Singaporeans are known to be some of the world’s best savers.
A 2017-2018 household expenditure survey from the Department of Statistics showed that Singaporean households spent around $4,910 each month on goods and services, compared to the average household income of $11,800.
That translates to around a 58% savings rate.
As such, it’s no surprise to find Singaporeans with tens, if not hundreds of thousands in their bank accounts.
If you are one of those who managed to accumulate S$100,000, congratulations!
However, saving is just half the battle.
Simply squirreling away your cash in a low-interest savings account is insufficient to secure your financial future.
If you’re not investing your money, you are letting inflation eat into your spending power.
With that in mind, I’ve come up with a list of three things that will help you better manage your investment portfolio.
Divide your portfolio
While some professional investors advise having a concentrated portfolio of high-conviction stocks, the retail investor is better off with a highly-diversified portfolio.
From personal experience, a single position should not take up more than 5% of your entire portfolio.
Too often, I hear retail investors complaining of poor returns because a single large position has performed poorly, dragging the portfolio’s overall returns down.
Yes, a concentrated portfolio can produce outsized returns but the risk of poor returns or loss is exacerbated if just one big position goes wrong.
Even the best investors make bad bets, and if you’re just starting out, the chance of investing in an underperforming stock or bond is even greater.
Assess your risk appetite
Do not simply assume that just because one of your friends is fully invested in stocks, that means that you should be, too.
Everyone has their own risk appetite and unique financial goals and circumstances.
Your choice of asset class is also determined by your investment horizon and ability to take on risk.
A young investor with S$100,000 in the bank and no kids to feed should be able to take on more risk than a retiree who still needs to support one or more kids through university.
Only by considering your risk tolerance and ability to take on risk can you make more informed decisions on what to invest in.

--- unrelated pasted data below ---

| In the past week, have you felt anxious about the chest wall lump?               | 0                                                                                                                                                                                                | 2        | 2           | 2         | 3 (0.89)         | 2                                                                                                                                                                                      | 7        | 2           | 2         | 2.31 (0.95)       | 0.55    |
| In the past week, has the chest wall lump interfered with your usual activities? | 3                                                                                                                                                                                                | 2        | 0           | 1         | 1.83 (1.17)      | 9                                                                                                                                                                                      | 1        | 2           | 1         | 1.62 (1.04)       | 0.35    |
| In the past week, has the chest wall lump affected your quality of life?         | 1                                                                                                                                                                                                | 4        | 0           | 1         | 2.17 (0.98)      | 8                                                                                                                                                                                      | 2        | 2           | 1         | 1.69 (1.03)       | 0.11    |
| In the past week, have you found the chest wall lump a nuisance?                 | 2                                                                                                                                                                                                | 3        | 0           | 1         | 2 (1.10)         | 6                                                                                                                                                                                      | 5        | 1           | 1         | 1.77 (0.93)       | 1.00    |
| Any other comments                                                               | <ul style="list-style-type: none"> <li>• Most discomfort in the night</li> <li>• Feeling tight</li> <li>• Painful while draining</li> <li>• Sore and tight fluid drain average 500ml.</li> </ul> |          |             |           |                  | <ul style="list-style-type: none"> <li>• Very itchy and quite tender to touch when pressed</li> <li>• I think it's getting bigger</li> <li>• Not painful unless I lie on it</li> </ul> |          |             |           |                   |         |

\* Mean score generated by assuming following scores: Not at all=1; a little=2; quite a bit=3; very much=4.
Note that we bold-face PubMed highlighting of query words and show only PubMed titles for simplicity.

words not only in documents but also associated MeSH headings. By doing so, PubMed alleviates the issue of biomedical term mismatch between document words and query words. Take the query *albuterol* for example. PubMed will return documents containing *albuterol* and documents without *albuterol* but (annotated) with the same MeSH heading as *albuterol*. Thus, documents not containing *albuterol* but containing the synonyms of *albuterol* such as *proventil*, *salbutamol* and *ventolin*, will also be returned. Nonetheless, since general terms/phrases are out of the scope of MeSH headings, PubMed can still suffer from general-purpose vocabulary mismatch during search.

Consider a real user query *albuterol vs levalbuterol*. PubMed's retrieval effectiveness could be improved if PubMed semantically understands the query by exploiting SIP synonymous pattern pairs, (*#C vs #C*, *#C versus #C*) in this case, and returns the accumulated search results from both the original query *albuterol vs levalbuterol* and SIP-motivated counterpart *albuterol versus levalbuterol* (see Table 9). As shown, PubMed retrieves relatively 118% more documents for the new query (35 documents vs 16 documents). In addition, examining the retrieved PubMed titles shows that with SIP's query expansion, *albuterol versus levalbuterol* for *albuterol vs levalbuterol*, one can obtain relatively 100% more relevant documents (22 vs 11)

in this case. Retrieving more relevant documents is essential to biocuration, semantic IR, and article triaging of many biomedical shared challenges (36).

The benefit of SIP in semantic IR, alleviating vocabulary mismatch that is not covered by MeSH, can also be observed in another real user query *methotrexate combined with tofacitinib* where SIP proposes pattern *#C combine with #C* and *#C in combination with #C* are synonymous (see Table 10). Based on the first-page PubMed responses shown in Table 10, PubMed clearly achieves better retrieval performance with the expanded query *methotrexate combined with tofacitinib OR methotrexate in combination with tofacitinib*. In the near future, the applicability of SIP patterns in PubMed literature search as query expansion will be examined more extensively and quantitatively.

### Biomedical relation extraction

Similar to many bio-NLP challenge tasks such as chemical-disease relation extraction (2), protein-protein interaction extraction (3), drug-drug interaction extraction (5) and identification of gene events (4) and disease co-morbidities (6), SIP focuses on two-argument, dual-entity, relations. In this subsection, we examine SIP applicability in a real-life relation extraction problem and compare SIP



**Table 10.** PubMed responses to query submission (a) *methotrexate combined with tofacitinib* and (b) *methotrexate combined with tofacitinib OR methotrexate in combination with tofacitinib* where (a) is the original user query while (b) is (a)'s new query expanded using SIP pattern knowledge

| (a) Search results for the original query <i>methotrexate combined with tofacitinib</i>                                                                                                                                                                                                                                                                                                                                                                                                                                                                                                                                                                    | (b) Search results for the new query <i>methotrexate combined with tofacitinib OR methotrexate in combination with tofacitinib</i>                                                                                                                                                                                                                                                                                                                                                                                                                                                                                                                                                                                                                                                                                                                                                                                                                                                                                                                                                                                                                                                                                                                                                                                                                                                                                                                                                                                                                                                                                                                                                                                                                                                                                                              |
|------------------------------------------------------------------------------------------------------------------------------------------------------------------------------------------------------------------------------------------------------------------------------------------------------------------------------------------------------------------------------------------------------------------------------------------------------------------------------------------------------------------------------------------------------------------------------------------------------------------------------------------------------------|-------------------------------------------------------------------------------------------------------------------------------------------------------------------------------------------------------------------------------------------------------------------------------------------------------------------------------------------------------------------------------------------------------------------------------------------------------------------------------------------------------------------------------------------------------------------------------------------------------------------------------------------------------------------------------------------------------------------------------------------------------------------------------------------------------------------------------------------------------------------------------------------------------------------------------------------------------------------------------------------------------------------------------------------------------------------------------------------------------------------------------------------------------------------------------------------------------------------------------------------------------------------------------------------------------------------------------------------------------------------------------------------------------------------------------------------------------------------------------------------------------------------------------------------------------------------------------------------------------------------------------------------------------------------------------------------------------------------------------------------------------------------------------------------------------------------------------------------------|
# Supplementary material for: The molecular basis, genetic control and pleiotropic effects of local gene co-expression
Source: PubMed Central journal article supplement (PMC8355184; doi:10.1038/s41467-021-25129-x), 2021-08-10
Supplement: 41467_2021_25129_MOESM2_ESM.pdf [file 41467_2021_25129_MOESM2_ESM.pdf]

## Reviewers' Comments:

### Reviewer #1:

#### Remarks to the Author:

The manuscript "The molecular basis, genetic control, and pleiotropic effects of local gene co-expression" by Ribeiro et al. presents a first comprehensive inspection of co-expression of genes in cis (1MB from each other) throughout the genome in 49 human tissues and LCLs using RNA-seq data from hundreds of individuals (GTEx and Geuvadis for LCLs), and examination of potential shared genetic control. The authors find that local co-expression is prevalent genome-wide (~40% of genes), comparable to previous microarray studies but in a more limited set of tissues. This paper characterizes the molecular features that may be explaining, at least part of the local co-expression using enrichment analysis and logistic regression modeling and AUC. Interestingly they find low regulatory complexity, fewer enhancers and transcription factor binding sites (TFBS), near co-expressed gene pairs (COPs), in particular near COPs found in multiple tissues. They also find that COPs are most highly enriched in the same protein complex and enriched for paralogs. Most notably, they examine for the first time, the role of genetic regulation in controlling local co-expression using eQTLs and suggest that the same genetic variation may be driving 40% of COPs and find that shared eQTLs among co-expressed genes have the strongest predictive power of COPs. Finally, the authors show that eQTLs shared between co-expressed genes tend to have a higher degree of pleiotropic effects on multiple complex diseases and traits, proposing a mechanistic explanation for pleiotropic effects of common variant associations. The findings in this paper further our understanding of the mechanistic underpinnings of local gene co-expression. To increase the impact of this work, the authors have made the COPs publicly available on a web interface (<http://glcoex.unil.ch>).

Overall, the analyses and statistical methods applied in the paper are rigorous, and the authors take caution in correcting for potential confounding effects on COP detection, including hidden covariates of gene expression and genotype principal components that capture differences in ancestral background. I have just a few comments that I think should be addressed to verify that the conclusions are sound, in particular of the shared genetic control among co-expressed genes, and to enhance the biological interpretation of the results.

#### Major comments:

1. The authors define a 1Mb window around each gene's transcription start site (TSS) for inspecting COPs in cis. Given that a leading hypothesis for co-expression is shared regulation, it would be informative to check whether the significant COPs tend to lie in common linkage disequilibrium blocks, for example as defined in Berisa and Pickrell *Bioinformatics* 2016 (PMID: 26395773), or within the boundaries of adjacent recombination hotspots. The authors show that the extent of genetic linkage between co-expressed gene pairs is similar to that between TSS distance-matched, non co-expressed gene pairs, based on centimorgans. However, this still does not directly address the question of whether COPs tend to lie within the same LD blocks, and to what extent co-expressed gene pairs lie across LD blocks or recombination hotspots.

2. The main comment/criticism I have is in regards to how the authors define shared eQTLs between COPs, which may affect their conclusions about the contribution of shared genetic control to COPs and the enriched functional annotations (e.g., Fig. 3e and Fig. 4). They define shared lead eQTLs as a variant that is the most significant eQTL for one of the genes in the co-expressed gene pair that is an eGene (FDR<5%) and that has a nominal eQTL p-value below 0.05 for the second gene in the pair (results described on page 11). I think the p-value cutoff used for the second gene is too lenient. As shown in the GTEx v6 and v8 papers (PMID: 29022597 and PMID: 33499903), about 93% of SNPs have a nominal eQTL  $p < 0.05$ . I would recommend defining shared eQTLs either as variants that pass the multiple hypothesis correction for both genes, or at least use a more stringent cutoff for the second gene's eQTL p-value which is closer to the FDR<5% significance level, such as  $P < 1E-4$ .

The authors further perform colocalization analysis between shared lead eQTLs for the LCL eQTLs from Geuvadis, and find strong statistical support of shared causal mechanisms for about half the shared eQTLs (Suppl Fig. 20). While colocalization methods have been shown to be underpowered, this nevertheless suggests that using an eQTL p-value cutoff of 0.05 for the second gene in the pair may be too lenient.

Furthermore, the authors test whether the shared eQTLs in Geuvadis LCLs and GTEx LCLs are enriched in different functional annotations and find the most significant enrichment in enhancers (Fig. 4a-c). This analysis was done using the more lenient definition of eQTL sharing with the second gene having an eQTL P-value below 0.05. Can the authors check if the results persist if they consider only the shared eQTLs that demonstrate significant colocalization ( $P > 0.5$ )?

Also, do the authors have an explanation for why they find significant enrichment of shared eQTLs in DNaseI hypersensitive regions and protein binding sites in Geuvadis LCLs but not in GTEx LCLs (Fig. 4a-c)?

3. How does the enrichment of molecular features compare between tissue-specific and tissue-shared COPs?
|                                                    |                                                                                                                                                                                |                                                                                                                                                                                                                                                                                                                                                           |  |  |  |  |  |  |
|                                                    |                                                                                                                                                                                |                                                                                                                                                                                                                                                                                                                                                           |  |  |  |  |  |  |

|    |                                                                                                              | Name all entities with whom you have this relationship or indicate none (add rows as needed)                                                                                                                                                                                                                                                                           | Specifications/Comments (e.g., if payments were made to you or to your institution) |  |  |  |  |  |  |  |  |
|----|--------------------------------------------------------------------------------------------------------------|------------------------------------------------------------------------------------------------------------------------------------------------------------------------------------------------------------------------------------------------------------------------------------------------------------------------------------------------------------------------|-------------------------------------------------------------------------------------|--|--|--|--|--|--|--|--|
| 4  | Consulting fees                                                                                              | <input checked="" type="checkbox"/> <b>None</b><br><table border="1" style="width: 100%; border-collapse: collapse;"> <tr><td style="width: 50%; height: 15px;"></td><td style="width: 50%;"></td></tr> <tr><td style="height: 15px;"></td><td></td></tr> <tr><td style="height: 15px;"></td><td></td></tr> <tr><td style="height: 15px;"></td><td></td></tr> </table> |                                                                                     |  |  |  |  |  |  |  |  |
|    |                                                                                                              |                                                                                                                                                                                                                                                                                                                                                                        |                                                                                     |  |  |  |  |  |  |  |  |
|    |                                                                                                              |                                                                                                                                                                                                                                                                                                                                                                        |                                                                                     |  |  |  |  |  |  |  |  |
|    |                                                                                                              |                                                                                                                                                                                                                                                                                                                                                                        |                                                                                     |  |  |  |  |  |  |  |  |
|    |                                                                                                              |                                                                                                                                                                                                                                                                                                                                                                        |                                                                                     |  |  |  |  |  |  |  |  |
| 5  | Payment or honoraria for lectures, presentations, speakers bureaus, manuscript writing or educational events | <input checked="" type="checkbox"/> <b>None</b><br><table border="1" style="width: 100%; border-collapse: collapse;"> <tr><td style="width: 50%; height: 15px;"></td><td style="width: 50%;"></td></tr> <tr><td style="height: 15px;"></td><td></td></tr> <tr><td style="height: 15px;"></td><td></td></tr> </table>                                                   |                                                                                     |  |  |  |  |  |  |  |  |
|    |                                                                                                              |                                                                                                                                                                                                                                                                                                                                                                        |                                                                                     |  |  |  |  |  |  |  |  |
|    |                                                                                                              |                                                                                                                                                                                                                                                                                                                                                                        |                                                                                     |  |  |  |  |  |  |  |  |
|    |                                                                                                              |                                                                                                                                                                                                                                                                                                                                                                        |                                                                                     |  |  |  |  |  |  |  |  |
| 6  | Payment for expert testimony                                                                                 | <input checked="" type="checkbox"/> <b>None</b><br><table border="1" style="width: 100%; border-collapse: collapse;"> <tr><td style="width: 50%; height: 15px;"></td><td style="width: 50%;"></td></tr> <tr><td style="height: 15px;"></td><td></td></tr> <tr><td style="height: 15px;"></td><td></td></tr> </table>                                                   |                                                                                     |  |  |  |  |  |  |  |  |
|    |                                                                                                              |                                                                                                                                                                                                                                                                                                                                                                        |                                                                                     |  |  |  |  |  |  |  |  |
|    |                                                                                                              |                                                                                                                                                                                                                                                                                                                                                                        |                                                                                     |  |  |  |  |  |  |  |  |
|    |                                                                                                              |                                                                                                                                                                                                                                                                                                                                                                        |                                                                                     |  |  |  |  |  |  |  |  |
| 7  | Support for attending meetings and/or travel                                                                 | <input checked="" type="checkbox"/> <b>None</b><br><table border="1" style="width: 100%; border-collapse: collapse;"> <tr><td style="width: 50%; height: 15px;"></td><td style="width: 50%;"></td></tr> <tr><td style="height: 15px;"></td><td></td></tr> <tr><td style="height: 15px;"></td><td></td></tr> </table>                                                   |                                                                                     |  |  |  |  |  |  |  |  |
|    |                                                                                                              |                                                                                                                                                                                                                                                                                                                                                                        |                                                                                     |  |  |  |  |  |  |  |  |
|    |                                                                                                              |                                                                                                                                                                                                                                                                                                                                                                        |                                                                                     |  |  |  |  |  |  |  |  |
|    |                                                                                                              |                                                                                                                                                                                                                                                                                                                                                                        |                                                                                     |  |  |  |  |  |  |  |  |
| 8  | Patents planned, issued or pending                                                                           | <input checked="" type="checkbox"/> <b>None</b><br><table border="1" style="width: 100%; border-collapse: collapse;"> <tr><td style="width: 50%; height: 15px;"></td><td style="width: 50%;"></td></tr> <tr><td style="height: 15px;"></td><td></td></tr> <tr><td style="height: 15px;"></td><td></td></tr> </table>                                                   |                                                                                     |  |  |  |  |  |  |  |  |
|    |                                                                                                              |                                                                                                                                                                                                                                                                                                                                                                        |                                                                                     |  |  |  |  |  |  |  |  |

Take your time
If you plan to avoid hefty management fees charged by unit trust providers, then it’s time to educate yourself on the basics of investing.
By managing your own portfolio, you can have more control over the investments you make and also minimise your expenses.
I cannot stress this enough: Be informed about the types of asset classes available, be it company stocks, real estate investment trusts (REITs), fixed income, or other alternative investment classes.
Learn about the pros, cons, expected returns and risks of each asset class before putting your hard-earned money into any investment.
Investors looking for a quick buck often rush in headfirst without doing sufficient due diligence.
What follows is regret as they may lose a huge chunk of their hard-earned money.
Get Smart: Ignorance can be very expensive
A final word of caution.
If you don’t know what you are doing, you could end up even worse off trying to invest your money than simply putting it under your pillow.
If you have the tendency to rash or uninformed decisions, I strongly advise you to invest in index funds, or ETFs, instead.
These passive funds mimic an underlying index and will provide you with the same returns as the market they are invested in.
Your $100,000 will be safer there rather than you losing it by dabbling in investments you may not understand.
If you’re nervous, confused, or worried about buying your first stock, then our latest beginner’s guide to investing can help. It’s easy to read yet packed with valuable insights. Download it for free today, and buy your first stock in the next few hours. Click here to get started.
Disclaimer: Royston Yang does not own shares in any of the companies mentioned.